>Jack Hart, former managing editor and writing coach at the Oregonian, was the guest speaker at our Nye Beach Writers Series Saturday night. He’s the author of A Writer’s Coach: An Editor’s Guide to Words That Work, which came out in hardback in 2006 and paperback in 2007.
The book and his talk were full of commonsense advice on how to make one’s writing clear, correct, and communicative. Done right, the words don’t get in the way of the story. It’s a book most of us can use, whether we’re professional writers or normal people trying to communicate.
A few things Hart said caught my attention. One was that newspapers like the Oregonian actually hire writing coaches to help their reporters improve their writing. That was never offered at the papers where I worked, but what a wonderful thing. Perhaps that’s one of the reasons Hart’s reporters won two Pulitzer Prizes and many other impressive awards while he was there.
Hart described two kinds of writing: reports and stories. A report, organized by topics, is meant to convey information. A story, built with scenes, reproduces an experience. Each one has its place in the newspaper, but it’s something to think about when you’re writing. Take a look at the newspapers you read to see the difference.
When I asked Hart how reporters are supposed to dig in and reproduce an experience when papers keep cutting the length of their stories, his answer surprised me. I expected some practical advice on how to write short, but he agrees with me that you really can’t get any depth in a 500-word story and that newspapers are wrong to copy other media with short hits. In order to compete, they need to do something the Internet and broadcasting can’t do. They need to dive into the heart of a story and tell it all.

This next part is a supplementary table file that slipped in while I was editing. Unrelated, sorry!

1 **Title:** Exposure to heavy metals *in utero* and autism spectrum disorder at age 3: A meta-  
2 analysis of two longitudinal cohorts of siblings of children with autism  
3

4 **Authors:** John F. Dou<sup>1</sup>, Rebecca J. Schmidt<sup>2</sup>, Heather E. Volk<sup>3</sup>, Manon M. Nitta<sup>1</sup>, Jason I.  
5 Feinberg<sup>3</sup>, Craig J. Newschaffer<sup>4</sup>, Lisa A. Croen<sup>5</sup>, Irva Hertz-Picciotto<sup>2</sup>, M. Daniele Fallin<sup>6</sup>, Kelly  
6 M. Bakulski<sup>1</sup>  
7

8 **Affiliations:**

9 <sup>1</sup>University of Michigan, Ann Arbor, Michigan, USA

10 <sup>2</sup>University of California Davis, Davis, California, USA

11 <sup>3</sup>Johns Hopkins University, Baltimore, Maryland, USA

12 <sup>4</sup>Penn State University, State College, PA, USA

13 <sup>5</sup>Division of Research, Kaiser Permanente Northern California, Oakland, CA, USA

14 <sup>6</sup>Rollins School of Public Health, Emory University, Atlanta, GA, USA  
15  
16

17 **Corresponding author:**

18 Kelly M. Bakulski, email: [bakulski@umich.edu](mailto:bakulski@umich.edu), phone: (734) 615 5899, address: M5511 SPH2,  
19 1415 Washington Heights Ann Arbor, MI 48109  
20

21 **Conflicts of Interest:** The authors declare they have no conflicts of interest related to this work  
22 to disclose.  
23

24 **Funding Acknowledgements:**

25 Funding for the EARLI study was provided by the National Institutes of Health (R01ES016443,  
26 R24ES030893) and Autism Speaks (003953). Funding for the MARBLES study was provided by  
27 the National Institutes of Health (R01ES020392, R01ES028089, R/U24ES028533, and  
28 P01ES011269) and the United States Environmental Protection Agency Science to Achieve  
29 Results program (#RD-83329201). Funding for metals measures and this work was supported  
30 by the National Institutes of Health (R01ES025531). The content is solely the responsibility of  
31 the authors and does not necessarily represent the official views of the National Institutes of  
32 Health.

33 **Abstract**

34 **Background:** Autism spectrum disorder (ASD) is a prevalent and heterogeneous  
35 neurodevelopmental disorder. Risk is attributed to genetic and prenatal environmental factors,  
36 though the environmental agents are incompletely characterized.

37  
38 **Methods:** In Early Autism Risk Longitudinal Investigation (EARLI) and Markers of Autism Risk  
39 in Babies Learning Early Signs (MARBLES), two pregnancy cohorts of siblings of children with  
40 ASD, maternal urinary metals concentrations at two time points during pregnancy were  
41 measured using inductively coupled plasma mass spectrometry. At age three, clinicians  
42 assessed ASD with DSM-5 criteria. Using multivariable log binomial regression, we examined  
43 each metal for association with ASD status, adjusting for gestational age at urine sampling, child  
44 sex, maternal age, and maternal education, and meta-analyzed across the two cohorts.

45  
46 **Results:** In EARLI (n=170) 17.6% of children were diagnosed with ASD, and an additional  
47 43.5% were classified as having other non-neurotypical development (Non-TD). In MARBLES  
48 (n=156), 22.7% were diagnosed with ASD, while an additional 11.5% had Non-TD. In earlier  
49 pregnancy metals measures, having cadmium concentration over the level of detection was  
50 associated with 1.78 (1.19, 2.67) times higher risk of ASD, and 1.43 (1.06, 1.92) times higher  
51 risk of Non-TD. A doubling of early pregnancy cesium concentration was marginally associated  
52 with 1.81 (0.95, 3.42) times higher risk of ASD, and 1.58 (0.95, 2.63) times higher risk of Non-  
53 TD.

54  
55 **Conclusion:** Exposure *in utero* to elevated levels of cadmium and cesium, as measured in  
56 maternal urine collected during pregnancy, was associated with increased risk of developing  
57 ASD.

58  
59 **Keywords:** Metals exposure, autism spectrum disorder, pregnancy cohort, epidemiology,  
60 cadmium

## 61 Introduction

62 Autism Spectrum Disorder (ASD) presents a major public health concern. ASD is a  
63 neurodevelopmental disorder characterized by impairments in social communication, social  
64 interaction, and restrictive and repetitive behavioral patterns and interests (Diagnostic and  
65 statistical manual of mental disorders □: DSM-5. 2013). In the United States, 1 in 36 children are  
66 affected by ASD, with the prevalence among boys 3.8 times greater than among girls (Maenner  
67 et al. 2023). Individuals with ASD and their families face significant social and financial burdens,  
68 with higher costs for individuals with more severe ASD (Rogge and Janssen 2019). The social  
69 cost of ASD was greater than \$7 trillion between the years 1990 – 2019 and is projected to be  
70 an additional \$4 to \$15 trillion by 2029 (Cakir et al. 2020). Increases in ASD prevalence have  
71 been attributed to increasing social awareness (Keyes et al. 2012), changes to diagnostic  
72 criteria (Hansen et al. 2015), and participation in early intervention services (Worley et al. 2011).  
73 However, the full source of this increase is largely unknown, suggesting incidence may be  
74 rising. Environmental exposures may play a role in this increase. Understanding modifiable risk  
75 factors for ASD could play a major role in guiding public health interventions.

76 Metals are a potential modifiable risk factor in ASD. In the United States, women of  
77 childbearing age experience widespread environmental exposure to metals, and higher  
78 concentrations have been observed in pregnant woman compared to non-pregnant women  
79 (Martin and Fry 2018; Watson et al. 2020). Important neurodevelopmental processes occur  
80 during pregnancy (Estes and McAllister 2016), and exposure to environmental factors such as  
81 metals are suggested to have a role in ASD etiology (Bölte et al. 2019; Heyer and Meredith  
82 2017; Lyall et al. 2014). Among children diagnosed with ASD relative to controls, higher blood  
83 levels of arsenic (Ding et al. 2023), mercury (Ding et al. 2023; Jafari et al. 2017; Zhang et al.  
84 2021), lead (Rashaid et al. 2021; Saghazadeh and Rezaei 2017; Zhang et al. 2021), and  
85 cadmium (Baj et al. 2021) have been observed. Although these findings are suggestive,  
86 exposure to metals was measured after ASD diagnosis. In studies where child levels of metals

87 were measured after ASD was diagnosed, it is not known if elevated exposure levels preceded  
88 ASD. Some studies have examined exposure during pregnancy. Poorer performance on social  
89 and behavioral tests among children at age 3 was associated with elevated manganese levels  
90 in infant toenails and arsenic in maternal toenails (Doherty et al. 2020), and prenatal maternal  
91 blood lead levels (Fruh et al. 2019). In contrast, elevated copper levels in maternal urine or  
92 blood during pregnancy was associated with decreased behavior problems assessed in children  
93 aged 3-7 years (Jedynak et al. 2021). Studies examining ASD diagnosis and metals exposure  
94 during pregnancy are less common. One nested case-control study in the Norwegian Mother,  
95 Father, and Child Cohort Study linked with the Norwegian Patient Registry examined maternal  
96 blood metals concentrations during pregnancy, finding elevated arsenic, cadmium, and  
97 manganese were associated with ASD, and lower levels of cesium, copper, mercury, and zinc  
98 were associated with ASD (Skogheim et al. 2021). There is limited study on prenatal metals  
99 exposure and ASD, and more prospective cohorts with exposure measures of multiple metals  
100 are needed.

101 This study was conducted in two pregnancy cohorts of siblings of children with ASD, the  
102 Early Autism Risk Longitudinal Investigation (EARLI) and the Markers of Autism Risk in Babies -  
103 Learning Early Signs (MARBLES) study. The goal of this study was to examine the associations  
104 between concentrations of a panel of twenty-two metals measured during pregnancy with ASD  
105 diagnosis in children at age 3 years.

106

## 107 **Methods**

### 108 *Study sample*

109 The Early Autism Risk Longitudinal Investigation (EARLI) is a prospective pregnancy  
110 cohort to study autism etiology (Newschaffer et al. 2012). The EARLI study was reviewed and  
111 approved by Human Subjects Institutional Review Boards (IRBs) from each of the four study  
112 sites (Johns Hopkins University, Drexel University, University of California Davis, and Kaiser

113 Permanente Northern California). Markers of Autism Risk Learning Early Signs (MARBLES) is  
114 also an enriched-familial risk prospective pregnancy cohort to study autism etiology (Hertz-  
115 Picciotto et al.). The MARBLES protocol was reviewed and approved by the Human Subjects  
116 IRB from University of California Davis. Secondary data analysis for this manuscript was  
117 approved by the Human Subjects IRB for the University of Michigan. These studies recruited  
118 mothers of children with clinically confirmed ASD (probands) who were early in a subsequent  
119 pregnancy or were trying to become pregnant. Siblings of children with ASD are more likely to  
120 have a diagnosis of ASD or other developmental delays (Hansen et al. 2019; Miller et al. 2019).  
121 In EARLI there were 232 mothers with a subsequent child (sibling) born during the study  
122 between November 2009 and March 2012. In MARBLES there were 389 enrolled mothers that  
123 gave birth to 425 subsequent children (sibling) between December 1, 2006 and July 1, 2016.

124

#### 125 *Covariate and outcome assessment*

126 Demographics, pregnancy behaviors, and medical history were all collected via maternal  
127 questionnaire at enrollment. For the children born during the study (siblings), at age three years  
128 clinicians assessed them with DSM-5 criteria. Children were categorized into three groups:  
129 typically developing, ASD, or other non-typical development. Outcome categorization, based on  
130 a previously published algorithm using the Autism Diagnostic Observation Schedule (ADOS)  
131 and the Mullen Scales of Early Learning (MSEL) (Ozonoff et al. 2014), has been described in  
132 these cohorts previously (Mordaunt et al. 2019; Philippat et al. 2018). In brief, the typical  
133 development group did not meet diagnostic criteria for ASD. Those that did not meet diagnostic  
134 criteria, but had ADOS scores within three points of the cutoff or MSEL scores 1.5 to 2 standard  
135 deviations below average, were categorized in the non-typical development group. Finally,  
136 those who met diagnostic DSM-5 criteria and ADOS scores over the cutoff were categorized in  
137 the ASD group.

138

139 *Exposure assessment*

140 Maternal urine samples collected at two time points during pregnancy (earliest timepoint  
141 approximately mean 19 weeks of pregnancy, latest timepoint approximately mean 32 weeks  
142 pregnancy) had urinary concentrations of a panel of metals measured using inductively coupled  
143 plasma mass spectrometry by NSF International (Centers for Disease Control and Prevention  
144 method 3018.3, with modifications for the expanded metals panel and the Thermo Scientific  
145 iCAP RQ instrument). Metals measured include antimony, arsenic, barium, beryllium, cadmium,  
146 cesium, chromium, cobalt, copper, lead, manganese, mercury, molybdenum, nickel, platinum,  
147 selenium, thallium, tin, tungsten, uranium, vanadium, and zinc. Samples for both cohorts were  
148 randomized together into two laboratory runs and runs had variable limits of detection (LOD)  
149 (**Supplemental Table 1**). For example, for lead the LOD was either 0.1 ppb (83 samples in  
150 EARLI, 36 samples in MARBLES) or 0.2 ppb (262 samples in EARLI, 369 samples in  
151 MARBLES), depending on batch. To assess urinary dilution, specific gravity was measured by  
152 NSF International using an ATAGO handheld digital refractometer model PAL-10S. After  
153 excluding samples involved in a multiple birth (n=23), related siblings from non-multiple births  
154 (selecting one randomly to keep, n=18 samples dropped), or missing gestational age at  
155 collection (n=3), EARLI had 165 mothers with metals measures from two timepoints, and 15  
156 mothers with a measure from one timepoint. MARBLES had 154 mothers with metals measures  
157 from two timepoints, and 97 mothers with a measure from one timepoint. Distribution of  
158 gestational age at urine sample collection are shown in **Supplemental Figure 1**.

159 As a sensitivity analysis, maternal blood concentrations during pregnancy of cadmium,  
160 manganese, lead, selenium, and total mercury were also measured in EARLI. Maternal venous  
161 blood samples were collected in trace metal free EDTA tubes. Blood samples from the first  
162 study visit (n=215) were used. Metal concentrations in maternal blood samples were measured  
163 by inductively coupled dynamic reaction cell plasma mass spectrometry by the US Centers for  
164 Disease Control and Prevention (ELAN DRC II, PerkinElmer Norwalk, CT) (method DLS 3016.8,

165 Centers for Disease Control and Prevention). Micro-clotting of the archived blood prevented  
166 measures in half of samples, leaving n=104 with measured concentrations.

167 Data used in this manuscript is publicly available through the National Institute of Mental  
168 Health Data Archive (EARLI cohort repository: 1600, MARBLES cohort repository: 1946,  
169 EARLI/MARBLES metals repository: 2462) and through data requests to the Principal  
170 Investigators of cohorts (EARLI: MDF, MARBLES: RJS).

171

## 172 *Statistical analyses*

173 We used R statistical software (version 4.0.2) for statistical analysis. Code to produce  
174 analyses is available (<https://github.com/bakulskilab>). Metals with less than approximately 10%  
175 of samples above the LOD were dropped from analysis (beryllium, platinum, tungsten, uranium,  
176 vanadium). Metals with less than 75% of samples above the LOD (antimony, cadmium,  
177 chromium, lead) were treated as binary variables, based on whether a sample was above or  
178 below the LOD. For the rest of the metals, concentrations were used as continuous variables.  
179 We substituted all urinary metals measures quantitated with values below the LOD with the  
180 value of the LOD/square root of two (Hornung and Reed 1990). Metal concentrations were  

I asked him how the Oregonian is doing in this era when lots of newspapers are cutting their editorial staffs. He said the paper is down 40 writers, which still leaves 300. That seems like a huge number, but they fill a lot of pages. Do the layoffs make more room for freelancers? Definitely, said Hart, who himself took advantage of an early-retirement option and has two more books underway.
Overall, it was an upbeat, inspiring talk, and Hart sold a lot of books to writers who came from all over Western Oregon to hear him. An open mic followed, and believe me, it was a little nerve-wracking to read my prose in front of such an expert on writing, just as I’m extremely self-conscious writing this report.
Bottom line, no matter how well we write, we can always do it better.
Click here For a good interview of Hart by the Public Relations Society of America.